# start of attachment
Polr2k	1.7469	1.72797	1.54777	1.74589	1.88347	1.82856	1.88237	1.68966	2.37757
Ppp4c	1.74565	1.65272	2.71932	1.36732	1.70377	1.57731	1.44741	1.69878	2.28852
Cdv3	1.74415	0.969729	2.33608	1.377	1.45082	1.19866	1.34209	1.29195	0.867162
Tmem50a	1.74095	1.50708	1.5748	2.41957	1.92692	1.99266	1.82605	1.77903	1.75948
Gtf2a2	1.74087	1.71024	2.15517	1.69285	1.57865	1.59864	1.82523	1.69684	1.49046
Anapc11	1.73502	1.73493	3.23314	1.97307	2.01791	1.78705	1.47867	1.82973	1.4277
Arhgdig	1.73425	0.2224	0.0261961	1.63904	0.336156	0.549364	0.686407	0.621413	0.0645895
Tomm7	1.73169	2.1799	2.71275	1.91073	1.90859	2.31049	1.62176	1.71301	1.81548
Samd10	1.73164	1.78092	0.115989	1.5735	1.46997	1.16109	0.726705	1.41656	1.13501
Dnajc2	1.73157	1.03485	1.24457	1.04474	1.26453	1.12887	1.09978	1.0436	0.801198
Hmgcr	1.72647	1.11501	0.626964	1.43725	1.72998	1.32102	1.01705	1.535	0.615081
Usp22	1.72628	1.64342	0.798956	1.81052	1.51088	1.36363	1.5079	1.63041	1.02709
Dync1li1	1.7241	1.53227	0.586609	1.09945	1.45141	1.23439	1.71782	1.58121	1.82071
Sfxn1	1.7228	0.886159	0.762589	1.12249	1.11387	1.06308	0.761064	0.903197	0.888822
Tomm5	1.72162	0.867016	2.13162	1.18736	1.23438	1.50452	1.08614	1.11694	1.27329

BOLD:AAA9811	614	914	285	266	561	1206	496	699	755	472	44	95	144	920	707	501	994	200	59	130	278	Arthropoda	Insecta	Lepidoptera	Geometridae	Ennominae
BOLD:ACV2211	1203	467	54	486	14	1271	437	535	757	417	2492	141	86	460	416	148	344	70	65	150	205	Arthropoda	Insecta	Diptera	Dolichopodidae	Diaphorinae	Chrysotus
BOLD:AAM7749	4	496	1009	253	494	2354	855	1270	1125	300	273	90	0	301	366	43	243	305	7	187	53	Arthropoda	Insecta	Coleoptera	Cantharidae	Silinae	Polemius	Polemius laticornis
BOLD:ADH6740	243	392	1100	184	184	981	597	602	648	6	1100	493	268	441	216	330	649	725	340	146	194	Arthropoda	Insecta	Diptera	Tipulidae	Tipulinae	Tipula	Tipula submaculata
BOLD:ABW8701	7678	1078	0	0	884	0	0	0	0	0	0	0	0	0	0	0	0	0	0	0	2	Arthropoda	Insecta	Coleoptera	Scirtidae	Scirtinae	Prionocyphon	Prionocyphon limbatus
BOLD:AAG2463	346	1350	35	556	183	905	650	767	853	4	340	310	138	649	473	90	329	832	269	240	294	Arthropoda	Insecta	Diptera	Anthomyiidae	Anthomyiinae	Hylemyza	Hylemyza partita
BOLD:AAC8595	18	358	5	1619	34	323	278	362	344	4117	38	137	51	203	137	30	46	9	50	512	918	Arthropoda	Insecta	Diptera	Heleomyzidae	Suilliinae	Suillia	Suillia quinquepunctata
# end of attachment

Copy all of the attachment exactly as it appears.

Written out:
Polr2k	1.7469	1.72797	1.54777	1.74589	1.88347	1.82856	1.88237	1.68966	2.37757
Ppp4c	1.74565	1.65272	2.71932	1.36732	1.70377	1.57731	1.44741	1.69878	2.28852
Cdv3	1.74415	0.969729	2.33608	1.377	1.45082	1.19866	1.34209	1.29195	0.867162
Tmem50a	1.74095	1.50708	1.5748	2.41957	1.92692	1.99266	1.82605	1.77903	1.75948
Gtf2a2	1.74087	1.71024	2.15517	1.69285	1.57865	1.59864	1.82523	1.69684	1.49046
Anapc11	1.73502	1.73493	3.23314	1.97307	2.01791	1.78705	1.47867	1.82973	1.4277
Arhgdig	1.73425	0.2224	0.0261961	1.63904	0.336156	0.549364	0.686407	0.621413	0.0645895
Tomm7	1.73169	2.1799	2.71275	1.91073	1.90859	2.31049	1.62176	1.71301	1.81548
Samd10	1.73164	1.78092	0.115989	1.5735	1.46997	1.16109	0.726705	1.41656	1.13501
Dnajc2	1.73157	1.03485	1.24457	1.04474	1.26453	1.12887	1.09978	1.0436	0.801198
Hmgcr	1.72647	1.11501	0.626964	1.43725	1.72998	1.32102	1.01705	1.535	0.615081
Usp22	1.72628	1.64342	0.798956	1.81052	1.51088	1.36363	1.5079	1.63041	1.02709
Dync1li1	1.7241	1.53227	0.586609	1.09945	1.45141	1.23439	1.71782	1.58121	1.82071
Sfxn1	1.7228	0.886159	0.762589	1.12249	1.11387	1.06308	0.761064	0.903197	0.888822
Tomm5	1.72162	0.867016	2.13162	1.18736	1.23438	1.50452	1.08614	1.11694	1.27329

BOLD:AAA9811	614	914	285	266	561	1206	496	699	755	472	44	95	144	920	707	501	994	200	59	130	278	Arthropoda	Insecta	Lepidoptera	Geometridae	Ennominae
BOLD:ACV2211	1203	467	54	486	14	1271	437	535	757	417	2492	141	86	460	416	148	344	70	65	150	205	Arthropoda	Insecta	Diptera	Dolichopodidae	Diaphorinae	Chrysotus
BOLD:AAM7749	4	496	1009	253	494	2354	855	1270	1125	300	273	90	0	301	366	43	243	305	7	187	53	Arthropoda	Insecta	Coleoptera	Cantharidae	Silinae	Polemius	Polemius laticornis
BOLD:ADH6740	243	392	1100	184	184	981	597	602	648	6	1100	493	268	441	216	330	649	725	340	146	194	Arthropoda	Insecta	Diptera	Tipulidae	Tipulinae	Tipula	Tipula submaculata
BOLD:ABW8701	7678	1078	0	0	884	0	0	0	0	0	0	0	0	0	0	0	0	0	0	0	2	Arthropoda	Insecta	Coleoptera	Scirtidae	Scirtinae	Prionocyphon	Prionocyphon limbatus
BOLD:AAG2463	346	1350	35	556	183	905	650	767	853	4	340	310	138	649	473	90	329	832	269	240	294	Arthropoda	Insecta	Diptera	Anthomyiidae	Anthomyiinae	Hylemyza	Hylemyza partita
BOLD:AAC8595	18	358	5	1619	34	323	278	362	344	4117	38	137	51	203	137	30	46	9	50	512	918	Arthropoda	Insecta	Diptera	Heleomyzidae	Suilliinae	Suillia	Suillia quinquepunctata